A stylistic hodgepodge of a house on a desirable stretch of Malibu beach had little in the way of aesthetics to offer architect Richard Manion’s clients, who were on the hunt for a weekend retreat. The expansive footprint and existing pool, however, proved irresistible, so the couple turned to Manion to help them create a minimalist getaway.
In contrast to their more traditional New England-style residence in Los Angeles, also designed by Manion, “We all wanted to explore a contemporary vocabulary from the start that would be clean, warm and inviting,” he says. The challenges along the way were numerous, including a steeply sloping and skinny lot, height limitations to protect neighbors’ beach views, a footprint dictated by the existing house, and a public beach-access path that ran down the side of the property—not to mention aging plumbing systems near the water that had to be replaced and moved closer to the street.
To begin the project, Manion and his team gutted everything. The guiding principle thereafter was “the idea of a very pure, modern shape with the interest being in the geometry,” he notes. The L-shaped plan wraps around the pool and spa, with the views from the living room and master bedroom above focusing on a peninsula in the distance. The approach plays well to what he aimed to achieve: an elegant yet opaque mass at the street level that hides its surprises. “We wanted the front of the house to be very monumental, very solid and very dense,” says the architect. The solid walls screen a neighbor to one side, and landscape architect Mark Beall installed a ficus hedge on the other side that conceals the property from the public beach path. “In the back, we wanted it to be the opposite—as much glass as possible to take in the views,” adds Manion. The nearly all-steel framing allowed the architect to create entire walls of glass that nonetheless meet strict earthquake codes. The resulting glass doors lift and stack along each end of every façade, offering access to the outdoors, erasing boundaries between inside and out.
Manion’s introduction to the interior starts off as more enclosed and secretive, not revealing the knockout view yet to come. It begins with a breathtaking atrium in the foyer, where a skylight sends light spilling down a curving staircase. “The staircase kind of floats in that three-story cavity and just attaches where necessary,” says builder Rick Holz. From there, Manion conceived the house as a progression from one moment to the next, where nothing is revealed all at once. “A lot of what we discussed was how things unfold as you walk through the house,” says the wife. “It’s all about how you experience the home in different ways.” A hallway from the foyer, for example, leads to the prize: a split-level living, dining and family room with limestone floors that continue out to a beachside terrace through glass walls, some topping nearly 10 feet and almost disappearing when pulled back. “We spend almost all of our time there with all the doors open,” the wife says.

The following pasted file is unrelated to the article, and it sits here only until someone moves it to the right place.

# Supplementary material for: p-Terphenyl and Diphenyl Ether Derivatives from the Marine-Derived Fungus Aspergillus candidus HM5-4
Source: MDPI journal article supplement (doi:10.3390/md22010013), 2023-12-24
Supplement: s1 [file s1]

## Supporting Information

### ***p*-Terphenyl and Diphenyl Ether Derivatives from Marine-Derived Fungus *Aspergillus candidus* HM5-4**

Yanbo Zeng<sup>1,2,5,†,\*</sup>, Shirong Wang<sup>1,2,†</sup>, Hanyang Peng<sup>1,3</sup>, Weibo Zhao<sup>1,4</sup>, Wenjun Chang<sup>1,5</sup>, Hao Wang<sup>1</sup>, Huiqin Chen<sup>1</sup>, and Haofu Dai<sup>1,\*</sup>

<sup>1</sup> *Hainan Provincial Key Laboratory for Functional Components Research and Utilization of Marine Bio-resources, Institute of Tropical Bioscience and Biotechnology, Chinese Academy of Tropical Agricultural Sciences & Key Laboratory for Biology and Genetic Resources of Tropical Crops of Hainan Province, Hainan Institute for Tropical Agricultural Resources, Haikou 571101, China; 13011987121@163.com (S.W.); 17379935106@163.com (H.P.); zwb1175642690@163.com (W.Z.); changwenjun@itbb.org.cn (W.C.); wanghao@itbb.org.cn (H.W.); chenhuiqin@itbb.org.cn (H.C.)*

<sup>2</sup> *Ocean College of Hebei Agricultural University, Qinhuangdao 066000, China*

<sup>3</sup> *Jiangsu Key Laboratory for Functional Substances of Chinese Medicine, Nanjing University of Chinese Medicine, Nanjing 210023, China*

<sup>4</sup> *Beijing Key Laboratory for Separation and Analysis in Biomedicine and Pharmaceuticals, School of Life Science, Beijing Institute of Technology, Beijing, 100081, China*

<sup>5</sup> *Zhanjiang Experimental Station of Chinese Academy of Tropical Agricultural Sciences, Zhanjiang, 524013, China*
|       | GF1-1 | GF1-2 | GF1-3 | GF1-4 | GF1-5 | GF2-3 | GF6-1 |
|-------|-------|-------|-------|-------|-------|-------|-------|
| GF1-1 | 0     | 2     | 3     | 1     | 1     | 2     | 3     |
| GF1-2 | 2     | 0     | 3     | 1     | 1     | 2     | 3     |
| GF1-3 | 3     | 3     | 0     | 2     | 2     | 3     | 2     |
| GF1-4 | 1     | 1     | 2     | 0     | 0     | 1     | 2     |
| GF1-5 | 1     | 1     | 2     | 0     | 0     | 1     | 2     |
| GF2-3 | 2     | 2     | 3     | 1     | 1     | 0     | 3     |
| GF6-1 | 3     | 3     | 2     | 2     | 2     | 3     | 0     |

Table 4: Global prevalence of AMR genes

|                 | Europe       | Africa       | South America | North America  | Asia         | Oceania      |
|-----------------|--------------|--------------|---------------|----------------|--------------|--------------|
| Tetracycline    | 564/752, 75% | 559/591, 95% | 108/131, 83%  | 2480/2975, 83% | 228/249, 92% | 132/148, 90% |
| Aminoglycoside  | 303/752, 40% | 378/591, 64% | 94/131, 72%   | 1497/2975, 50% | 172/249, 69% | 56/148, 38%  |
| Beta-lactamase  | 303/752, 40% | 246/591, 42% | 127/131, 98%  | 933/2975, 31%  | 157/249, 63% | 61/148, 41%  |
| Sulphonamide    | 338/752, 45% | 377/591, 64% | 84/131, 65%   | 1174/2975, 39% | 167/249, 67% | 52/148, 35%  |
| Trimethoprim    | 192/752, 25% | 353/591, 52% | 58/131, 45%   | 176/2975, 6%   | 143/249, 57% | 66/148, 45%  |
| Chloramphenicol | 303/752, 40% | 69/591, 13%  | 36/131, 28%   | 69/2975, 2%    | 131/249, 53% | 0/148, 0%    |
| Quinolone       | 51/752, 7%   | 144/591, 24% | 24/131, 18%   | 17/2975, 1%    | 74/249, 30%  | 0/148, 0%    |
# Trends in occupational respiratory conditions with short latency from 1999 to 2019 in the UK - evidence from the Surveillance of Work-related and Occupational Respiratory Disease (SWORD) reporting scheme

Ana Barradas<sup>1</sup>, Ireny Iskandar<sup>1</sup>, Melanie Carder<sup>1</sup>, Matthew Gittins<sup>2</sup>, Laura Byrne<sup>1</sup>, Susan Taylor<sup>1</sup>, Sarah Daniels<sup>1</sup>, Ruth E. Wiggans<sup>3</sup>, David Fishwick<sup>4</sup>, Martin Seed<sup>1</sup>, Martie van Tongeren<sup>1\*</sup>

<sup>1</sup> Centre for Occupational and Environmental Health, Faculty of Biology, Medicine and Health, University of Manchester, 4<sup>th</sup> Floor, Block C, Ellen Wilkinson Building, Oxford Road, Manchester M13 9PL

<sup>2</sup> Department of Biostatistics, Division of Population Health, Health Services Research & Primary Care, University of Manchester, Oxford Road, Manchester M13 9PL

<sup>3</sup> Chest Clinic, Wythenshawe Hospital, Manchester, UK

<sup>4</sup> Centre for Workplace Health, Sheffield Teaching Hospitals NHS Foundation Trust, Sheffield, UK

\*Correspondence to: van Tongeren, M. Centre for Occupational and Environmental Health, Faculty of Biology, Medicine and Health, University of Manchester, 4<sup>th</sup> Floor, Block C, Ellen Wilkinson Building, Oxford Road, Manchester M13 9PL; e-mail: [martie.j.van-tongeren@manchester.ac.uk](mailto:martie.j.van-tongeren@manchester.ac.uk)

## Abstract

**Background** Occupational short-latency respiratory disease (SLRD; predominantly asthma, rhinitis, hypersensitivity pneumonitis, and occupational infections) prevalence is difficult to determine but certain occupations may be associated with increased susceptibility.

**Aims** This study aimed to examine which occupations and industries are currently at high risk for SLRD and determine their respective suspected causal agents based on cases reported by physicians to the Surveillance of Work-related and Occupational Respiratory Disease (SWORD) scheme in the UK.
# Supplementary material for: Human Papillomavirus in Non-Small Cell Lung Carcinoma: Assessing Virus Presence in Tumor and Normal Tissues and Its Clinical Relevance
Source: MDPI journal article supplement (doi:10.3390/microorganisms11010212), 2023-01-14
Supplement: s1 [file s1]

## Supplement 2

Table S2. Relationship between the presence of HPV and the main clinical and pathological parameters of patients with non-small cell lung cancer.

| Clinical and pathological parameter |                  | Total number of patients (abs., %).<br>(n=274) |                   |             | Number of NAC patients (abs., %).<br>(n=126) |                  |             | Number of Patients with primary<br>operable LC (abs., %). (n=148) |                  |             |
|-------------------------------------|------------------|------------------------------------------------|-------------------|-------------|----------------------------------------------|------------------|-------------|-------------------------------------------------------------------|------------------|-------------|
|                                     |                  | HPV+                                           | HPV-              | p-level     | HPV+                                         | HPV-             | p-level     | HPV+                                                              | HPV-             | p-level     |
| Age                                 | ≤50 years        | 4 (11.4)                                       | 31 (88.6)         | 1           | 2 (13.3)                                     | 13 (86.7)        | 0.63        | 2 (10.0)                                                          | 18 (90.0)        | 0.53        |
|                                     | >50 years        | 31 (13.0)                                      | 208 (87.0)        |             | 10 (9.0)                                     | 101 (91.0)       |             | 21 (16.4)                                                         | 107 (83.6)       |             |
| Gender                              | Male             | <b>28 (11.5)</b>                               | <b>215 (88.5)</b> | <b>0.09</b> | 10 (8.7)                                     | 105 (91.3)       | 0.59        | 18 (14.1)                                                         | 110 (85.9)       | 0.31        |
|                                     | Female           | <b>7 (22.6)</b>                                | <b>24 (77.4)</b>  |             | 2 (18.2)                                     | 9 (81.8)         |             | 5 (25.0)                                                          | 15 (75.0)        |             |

The warm, creamy stucco on the home’s exterior seamlessly flows inside with plaster colored to match, so none of the walls were painted. “It has this great modernistic simplicity, but it’s not cold like a museum—it’s warm and soft,” Manion says. Against this backdrop, furnishings by such 20th-century masters as Charlotte Perriand, Jean Prouvé, Le Corbusier and Pierre Jeanneret fill the home. They look utterly of the moment within Manion’s starkly modern context. And although the walls and floors evoke the color of sand, the rest of the palette takes its cues from the landscape. As the wife puts it, “I like the juxtaposition of the beach setting against our contemporary home and furnishings.”
Beall made sure the exterior landscape spoke the same modern, elegantly spare language as the rest of the home. There was little he could plant in the ground because of the pool and terrace in back and the plumbing infrastructure underneath the driveway in front, so instead he devised a series of highly sculptural living vignettes in pots by Belgium-based Atelier Vierkant. Beall explored a variety of options before he came up with the right plants that were both shapely and sturdy amid the salty ocean breeze. “Keeping the modern theme going with these beautiful pots and textural plants was the direction we wanted to go,” says Beall.
Manion credits all the site’s challenges—in addition to the lengthy permitting process and coastal storms that interrupted construction more than once—for bringing out the best in all the members of the design team. “It was a very unusual opportunity for us,” he says. “But we were all so excited by what we were able to make of it.”